EL: Mm-hmm. She was married for a while and then was divorced, lived in Atlanta. Played the accordion but was not very good. She didn’t have an ear.
CR: Was the divorce a problem, this being a Catholic family?
EL: Well it wasn’t for her, she used that [to play the] tragic figure.
CR: You write so often about alcohol and alcoholism. Even in your earliest works, I think way before you thought of yourself as having a drinking problem. I’m wondering if you knew men when you were growing up who were alcoholics.
EL: Well, sure, I probably had some but I can’t name them. In westerns they’re always standing at the bar drinking shots.
CR: In one of our interviews you said the character Mary in Pagan Babies was based on your sister, Margaret. Are there any characters that you based on your parents that seem to resemble either one of them?
EL: No. I didn’t base characters on anyone in particular that I can recall. They’re more types. Then the character comes out in whatever they do and the way they think. I don’t go into a narrative of this guy’s problem and how it came about.
CR: No, but you do a really good job of giving us a view of the inside of their minds by the way they talk to themselves.
EL: And I’m using dialogue, which I’ve always liked.
CR: Back to Margaret, who was the one who read to you when you were young. Can you remember any of the kinds of books that she read to you? They must have been pretty elementary.
EL: Well, “The Book House” came in I don’t know how many volumes.
CR: The which?
EL: “The Book House.” There was a series of books that started with the very basic children’s literature and got into well-known children’s literature. I don’t know if it was written actually taking the lines of the original or just telling a story. It kept developing and finally we’d get to Treasure Island, Beowulf and so on.
CR: So your sister is reading you Beowulf?
EL: Well, by then I think, by the time I got to Beowulf I was reading it.
CR: Now your sister was older than you by six years, right?
CR: And then your parents didn’t have any more kids after you came along.
CR: And that’s kind of unusual for a Catholic family. I mean especially in the 1920’s.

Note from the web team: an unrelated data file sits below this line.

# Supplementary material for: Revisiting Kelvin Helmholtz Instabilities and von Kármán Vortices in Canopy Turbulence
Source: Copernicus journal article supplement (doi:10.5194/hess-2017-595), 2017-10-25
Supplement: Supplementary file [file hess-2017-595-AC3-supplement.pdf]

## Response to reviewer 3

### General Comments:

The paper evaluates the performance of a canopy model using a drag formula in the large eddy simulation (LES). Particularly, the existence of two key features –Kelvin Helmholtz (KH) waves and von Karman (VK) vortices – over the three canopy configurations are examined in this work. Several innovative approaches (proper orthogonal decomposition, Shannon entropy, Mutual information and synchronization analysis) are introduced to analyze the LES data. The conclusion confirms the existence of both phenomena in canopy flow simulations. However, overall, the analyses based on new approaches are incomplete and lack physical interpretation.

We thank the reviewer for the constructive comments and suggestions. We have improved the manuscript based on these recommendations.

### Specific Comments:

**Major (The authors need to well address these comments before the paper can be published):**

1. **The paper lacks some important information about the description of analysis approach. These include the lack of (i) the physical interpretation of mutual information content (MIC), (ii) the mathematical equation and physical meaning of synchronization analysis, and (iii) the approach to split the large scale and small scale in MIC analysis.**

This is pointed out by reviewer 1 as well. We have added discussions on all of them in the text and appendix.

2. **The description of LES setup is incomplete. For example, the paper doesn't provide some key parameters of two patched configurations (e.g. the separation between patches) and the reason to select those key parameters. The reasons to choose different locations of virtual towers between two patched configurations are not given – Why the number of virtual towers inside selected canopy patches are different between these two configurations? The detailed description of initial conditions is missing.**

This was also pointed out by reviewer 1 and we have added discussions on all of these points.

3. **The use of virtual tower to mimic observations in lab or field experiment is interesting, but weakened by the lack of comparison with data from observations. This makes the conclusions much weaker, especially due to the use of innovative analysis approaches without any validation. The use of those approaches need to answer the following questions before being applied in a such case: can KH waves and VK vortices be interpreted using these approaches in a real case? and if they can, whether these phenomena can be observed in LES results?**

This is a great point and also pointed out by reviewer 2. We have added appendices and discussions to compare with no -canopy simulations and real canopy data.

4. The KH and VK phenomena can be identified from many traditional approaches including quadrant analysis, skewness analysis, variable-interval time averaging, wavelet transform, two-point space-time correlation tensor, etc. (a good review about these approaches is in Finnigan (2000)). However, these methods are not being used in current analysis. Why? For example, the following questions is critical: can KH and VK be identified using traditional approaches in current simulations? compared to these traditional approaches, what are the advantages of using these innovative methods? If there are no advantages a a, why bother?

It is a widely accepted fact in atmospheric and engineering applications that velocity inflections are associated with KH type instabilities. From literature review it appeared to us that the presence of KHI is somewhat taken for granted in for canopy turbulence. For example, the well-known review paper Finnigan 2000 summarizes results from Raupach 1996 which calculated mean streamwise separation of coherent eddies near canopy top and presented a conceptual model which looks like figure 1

EL: Yes. I thought it was.
CR: In Killshot, there’s Lenore, Carmen’s mom and her husband, who fight over the rhythm method of birth control. Was there any tension in your family about having kids or not having kids, having more kids?
EL: No. That was it. They had two and seemed happy with two.
CR: It’s kind of odd that your mom was the writer but your older sister is reading to you. Or did they share the reading?
EL: No. I don’t know if they ever talked about writing or stories. I don’t know what my sister was reading for her own pleasure by the time I got to Don Sturdy [?] and those books, boys books.
CR: What was your mom’s day like? Did she participate in any social activities outside the house, like church related groups?
EL: She joined, I would say in the early ‘40’s, the Delphian Society.
CR: The Delphian Society.
EL: Which is what it sounds like. Culture. And they would be given books to read, all these ladies sitting around, and they would discuss books, and art and different things.
CR: But that wasn’t until the 1940’s?
CR: Can you picture her earlier in your life, like what kinds of things did she do?
EL: Well, she was such a good mom. Always kissing me, and a terrific cook. She learned in New Orleans when she was a girl and cooked all her life.
CR: Were there any other activities she liked besides writing and cooking?
EL: She liked baseball and she liked the movies.
CR: She liked baseball. I bet there weren’t a lot of moms that were that interested in baseball.
EL: No. We’d go to Navin Field and Briggs Stadium and then Tiger Stadium back when it cost $1.10 to sit in the grandstand. Mostly now, it’s reserved seats.
CR: I can picture that. So could we talk about your early school days again for a minute or two?
EL: Yeah. I don’t remember much about the first few years. We were in Oklahoma City and Dallas.
CR: But you were in schools there and in Memphis too, right?
EL: Yeah. I moved to Memphis and I don’t even remember much about school in Memphis. I know I went to Catholic schools.
CR: You did? You went to Catholic schools everywhere you went?
EL: Yeah. But then in ’34 we moved to Detroit and I started in the fourth grade and we had Sister Estelle, who was very mean. And she was dumb. She pronounced Arkansas “Ar-Kansas.” She was always disciplining. “Oh God, Sister Estelle!” we said. And we went “Oh good!” when we went on to fifth grade we wouldn’t have her. Then they moved her up to the fifth grade. We had her for two years.
CR: Was she your fifth grade teacher when you were writing that play?
EL: Yeah. And she allowed me to put it on in the classroom and brought Mother Generosa in to watch.